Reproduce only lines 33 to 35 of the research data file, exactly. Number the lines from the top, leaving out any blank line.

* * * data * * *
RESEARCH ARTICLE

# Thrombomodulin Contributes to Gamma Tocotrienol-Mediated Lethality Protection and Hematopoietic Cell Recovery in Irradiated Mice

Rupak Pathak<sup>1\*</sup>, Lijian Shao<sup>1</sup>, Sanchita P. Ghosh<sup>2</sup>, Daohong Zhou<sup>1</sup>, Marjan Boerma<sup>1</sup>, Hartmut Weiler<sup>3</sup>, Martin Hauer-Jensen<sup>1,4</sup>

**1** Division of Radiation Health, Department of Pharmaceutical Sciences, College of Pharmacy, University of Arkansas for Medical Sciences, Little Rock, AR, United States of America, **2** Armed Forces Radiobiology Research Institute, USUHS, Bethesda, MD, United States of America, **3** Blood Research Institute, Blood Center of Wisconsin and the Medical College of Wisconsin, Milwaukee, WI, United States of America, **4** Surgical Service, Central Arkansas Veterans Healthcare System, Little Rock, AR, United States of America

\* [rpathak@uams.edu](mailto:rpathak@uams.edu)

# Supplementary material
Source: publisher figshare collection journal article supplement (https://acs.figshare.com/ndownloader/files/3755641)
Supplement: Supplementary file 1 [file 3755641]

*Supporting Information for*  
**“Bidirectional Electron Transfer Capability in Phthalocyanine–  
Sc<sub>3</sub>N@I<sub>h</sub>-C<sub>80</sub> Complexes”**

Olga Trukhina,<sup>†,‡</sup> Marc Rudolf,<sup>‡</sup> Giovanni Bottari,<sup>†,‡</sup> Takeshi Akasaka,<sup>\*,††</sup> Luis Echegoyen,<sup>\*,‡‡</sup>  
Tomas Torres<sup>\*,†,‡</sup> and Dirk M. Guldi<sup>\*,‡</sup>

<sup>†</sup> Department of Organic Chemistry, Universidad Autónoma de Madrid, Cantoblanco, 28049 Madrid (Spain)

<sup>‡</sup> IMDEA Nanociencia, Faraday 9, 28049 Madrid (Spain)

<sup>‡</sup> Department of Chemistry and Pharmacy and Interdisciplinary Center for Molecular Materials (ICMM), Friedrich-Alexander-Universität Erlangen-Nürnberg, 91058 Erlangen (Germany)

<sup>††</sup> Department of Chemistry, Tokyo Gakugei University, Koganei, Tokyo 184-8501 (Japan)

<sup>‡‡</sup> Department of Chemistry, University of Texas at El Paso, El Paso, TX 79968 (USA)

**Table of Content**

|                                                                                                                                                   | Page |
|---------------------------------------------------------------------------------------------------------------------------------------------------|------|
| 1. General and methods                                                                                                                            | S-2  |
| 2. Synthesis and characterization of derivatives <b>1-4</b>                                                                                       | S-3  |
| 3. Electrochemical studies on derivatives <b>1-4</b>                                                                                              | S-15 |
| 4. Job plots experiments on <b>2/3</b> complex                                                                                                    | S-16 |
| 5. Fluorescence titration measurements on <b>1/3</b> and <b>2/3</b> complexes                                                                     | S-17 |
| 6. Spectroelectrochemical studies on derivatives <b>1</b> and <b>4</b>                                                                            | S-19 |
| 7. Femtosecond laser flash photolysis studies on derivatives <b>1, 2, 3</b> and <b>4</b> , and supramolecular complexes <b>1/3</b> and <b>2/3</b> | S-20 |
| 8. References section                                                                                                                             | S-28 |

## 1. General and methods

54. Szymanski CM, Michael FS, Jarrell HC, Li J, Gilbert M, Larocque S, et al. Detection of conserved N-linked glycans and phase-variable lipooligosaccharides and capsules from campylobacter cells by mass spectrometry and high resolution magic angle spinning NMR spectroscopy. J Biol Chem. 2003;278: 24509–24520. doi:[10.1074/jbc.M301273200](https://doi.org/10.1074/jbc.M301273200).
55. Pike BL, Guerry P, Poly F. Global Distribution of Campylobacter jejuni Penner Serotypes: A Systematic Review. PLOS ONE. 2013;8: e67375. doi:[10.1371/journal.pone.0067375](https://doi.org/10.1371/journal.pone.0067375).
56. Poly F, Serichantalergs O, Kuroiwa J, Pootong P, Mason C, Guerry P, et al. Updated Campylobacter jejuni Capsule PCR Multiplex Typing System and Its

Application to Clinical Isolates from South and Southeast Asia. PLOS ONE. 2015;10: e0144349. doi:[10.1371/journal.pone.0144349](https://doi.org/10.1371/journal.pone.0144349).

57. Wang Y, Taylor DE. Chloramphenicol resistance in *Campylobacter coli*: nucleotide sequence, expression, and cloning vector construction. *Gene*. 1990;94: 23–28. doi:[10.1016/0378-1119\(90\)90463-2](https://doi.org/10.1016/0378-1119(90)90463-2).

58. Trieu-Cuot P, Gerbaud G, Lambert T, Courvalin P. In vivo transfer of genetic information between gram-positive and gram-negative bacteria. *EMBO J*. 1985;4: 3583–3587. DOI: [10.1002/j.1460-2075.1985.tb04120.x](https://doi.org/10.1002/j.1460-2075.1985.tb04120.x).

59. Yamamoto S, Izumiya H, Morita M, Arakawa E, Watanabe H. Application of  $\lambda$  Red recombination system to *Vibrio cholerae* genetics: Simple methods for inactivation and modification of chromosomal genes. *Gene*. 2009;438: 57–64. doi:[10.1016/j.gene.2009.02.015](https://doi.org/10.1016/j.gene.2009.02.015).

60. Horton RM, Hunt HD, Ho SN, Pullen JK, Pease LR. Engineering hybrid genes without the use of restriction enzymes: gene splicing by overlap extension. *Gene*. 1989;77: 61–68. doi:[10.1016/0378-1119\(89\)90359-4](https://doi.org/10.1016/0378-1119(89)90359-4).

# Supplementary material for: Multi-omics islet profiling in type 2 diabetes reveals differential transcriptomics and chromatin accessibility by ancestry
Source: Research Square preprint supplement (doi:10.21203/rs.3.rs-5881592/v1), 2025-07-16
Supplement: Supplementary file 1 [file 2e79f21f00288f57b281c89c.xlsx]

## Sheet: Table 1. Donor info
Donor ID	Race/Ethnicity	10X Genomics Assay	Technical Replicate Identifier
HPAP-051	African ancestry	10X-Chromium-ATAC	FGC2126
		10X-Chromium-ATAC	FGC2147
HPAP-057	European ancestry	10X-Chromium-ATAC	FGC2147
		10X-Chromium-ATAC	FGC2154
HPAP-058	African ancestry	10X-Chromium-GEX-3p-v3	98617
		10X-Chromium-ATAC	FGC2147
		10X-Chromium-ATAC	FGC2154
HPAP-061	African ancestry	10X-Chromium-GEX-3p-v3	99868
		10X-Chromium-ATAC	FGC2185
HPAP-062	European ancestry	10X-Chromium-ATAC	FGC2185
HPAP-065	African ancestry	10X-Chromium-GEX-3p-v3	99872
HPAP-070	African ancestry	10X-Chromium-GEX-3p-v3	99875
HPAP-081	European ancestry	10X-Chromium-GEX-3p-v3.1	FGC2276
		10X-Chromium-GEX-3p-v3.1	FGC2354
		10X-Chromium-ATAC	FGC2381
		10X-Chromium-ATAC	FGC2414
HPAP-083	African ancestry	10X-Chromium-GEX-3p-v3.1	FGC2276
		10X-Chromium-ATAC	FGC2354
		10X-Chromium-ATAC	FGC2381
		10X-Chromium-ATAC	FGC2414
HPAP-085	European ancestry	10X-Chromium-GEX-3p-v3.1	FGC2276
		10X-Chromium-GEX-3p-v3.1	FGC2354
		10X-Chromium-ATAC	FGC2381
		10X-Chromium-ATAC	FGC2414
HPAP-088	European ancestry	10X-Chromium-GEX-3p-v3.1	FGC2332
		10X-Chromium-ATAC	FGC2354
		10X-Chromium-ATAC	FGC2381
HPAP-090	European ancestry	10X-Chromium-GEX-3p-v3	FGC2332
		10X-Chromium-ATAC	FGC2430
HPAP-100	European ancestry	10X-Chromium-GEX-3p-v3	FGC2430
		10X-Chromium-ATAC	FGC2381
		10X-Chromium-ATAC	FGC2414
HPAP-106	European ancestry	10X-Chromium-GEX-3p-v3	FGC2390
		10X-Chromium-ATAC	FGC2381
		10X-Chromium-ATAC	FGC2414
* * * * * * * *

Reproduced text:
56. Poly F, Serichantalergs O, Kuroiwa J, Pootong P, Mason C, Guerry P, et al. Updated Campylobacter jejuni Capsule PCR Multiplex Typing System and Its

Application to Clinical Isolates from South and Southeast Asia. PLOS ONE. 2015;10: e0144349. doi:[10.1371/journal.pone.0144349](https://doi.org/10.1371/journal.pone.0144349).

57. Wang Y, Taylor DE. Chloramphenicol resistance in *Campylobacter coli*: nucleotide sequence, expression, and cloning vector construction. *Gene*. 1990;94: 23–28. doi:[10.1016/0378-1119\(90\)90463-2](https://doi.org/10.1016/0378-1119(90)90463-2).